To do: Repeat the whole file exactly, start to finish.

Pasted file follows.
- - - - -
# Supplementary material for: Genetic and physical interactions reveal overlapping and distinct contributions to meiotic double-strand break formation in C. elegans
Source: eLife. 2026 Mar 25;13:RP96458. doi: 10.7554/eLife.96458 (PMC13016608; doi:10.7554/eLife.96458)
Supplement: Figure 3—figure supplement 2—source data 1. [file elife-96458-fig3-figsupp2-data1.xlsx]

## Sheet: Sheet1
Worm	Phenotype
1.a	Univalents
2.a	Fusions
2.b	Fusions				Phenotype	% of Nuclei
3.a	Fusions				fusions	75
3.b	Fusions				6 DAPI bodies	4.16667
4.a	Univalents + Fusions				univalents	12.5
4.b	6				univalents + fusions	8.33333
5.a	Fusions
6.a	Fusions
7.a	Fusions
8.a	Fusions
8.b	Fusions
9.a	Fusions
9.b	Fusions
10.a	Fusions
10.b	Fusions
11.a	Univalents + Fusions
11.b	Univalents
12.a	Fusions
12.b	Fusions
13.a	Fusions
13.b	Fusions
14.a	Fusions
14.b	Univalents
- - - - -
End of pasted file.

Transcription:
# Supplementary material for: Genetic and physical interactions reveal overlapping and distinct contributions to meiotic double-strand break formation in C. elegans
Source: eLife. 2026 Mar 25;13:RP96458. doi: 10.7554/eLife.96458 (PMC13016608; doi:10.7554/eLife.96458)
Supplement: Figure 3—figure supplement 2—source data 1. [file elife-96458-fig3-figsupp2-data1.xlsx]

## Sheet: Sheet1
Worm	Phenotype
1.a	Univalents
2.a	Fusions
2.b	Fusions				Phenotype	% of Nuclei
3.a	Fusions				fusions	75
3.b	Fusions				6 DAPI bodies	4.16667
4.a	Univalents + Fusions				univalents	12.5
4.b	6				univalents + fusions	8.33333
5.a	Fusions
6.a	Fusions
7.a	Fusions
8.a	Fusions
8.b	Fusions
9.a	Fusions
9.b	Fusions
10.a	Fusions
10.b	Fusions
11.a	Univalents + Fusions
11.b	Univalents
12.a	Fusions
12.b	Fusions
13.a	Fusions
13.b	Fusions
14.a	Fusions
14.b	Univalents